Back in 2012, Ubisoft Montreal reinvigorated their long-running first-person shooter franchise Far Cry with the release of Far Cry 3. The game earned widespread critical acclaim and, perhaps more importantly to the developer, was a commercial success. Exact sales figures are unknown, but Ubisoft confirmed shipping over ten million units worldwide by October 2014. November 2014 saw the release of Far Cry 4, which boasted similar critical and commercial success.
This led many to believe that Far Cry would be switching to a two year development cycle, with Far Cry 5 set for release in the winter of 2016. Instead, Ubisoft surprised fans with the announcement of Far Cry Primal, a spinoff game set in 10,000 BC. The game will transport players back to the Stone Age, a brutal time well before the weapons and vehicles the series has come to be known for.
Ubisoft has released the above trailer, which focuses on the narrative of the game. Players will take control of the hunter Takkar, a member of the Wenja tribe and the sole survivor of his hunting group. The Wenja tribe is scattered across Oros and in desperate need of help, attacked on both sides by the cannibalistic Udam tribe and the fire-worshipping Izila tribe. Takkar must travel throughout the land of Oros and reunite his tribe, standing with them against their enemies and conquering the land for themselves.
The developers have made a great effort to present a realistic take on the time period, going so far as to hire linguistics professors from the University of Kentucky to recreate the language. Proto-Indo-European is a language that has been dead for thousands of years, but is the root of many modern languages. The linguists took on the task of not only rebuilding the language, but creating multiple versions for the different tribes to speak.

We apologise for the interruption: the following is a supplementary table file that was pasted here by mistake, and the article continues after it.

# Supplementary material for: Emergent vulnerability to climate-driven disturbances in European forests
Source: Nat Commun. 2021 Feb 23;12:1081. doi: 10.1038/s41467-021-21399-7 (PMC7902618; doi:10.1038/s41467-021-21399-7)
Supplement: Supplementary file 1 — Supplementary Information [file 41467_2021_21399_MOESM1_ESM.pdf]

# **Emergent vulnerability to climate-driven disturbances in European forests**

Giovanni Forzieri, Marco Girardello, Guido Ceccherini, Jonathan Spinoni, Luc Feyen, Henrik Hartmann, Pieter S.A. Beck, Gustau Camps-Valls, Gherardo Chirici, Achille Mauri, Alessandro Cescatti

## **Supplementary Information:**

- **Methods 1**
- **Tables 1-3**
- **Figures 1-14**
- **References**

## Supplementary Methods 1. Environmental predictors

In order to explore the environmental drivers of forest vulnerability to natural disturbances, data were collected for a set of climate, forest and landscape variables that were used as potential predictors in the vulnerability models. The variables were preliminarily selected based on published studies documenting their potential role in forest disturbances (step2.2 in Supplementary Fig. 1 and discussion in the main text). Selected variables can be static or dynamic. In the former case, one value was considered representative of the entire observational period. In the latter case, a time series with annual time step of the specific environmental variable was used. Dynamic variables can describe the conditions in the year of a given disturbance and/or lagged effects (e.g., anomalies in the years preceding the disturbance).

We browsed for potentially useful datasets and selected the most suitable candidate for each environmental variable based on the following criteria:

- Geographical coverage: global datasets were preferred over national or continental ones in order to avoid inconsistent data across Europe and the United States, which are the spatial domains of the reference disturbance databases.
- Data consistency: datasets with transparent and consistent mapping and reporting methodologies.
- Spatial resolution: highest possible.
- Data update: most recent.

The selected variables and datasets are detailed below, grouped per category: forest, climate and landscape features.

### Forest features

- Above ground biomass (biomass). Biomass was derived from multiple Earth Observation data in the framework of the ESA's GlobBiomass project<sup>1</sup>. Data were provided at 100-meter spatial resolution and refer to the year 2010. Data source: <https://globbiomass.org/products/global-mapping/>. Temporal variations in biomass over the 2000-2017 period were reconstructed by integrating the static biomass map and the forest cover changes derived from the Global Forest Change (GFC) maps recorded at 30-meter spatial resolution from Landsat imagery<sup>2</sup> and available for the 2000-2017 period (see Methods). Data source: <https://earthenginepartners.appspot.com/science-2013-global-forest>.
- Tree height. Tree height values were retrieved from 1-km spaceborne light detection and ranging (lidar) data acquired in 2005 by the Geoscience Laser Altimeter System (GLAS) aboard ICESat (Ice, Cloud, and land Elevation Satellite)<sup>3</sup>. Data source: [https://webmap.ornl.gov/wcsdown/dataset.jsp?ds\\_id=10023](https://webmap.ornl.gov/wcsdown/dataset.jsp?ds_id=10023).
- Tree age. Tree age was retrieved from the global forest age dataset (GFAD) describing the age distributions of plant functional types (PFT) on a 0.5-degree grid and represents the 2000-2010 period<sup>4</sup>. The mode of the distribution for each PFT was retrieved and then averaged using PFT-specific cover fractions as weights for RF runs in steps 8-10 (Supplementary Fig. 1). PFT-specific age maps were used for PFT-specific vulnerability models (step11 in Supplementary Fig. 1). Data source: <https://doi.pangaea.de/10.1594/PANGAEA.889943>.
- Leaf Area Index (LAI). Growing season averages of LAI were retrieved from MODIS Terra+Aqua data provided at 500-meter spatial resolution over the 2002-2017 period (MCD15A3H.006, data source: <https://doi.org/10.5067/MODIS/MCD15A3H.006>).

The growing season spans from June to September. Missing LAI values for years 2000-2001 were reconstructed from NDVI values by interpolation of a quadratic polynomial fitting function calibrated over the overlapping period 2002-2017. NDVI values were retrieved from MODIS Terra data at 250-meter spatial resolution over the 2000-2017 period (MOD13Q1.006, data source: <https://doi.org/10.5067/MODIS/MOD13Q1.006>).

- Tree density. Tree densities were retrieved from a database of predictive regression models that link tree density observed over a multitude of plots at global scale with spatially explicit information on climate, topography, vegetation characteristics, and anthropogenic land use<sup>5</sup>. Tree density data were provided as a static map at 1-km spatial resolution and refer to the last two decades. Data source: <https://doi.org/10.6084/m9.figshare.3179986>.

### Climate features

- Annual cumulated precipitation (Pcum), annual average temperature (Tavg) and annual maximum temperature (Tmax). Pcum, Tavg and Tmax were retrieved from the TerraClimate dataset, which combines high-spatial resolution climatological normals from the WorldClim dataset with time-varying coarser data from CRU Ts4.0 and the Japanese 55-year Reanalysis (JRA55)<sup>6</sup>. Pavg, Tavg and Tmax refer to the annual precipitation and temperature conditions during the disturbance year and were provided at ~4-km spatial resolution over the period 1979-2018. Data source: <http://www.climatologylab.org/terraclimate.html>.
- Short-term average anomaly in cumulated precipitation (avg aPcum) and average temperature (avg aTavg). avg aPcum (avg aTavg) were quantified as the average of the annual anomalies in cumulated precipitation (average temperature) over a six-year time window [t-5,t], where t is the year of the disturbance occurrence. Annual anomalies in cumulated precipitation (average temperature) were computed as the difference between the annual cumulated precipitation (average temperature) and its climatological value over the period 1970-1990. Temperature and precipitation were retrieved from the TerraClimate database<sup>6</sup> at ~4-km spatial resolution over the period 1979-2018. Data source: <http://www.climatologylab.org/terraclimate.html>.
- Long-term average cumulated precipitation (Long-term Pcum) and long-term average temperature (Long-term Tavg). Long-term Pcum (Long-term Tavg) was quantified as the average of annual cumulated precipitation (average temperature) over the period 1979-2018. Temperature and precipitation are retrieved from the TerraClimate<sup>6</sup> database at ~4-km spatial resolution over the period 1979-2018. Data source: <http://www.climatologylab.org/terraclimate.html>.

When the details about Far Cry Primal first emerged, there was a question of where the game fit with the rest of franchise. The developer confirmed that there would be no multiplayer component, a feature present in the series since it launched in 2004. Then came the news that there would be no co-op in the game, leaving many to wonder if Far Cry Primal was a step backwards for the series in terms of innovation. It was likened to Far Cry Blood Dragon, a standalone expansion to Far Cry 3.
That said, the effort being put into this title differentiates it from Blood Dragon. Where Blood Dragon was a fun, comedic adventure, Primal looks to be something more. The team at Ubisoft is trying to bring a long-dead culture back to life as realistically as possible, within the confines of their game. Narrative Director Jean-Sebastien Decant confirms that while the team is focused on making a fun experience, they also want to teach players something about the history of the world we live in.
This renewed focus on world-building and story promises the best narrative the series has offered to date, more than making up for the game’s lack of multiplayer components. Should the team succeed in their efforts, the experience can only improve the inevitable Far Cry 5.
Far Cry Primal will release on February 23rd 2016 for Xbox One and PlayStation 4, and on March 1st for PC.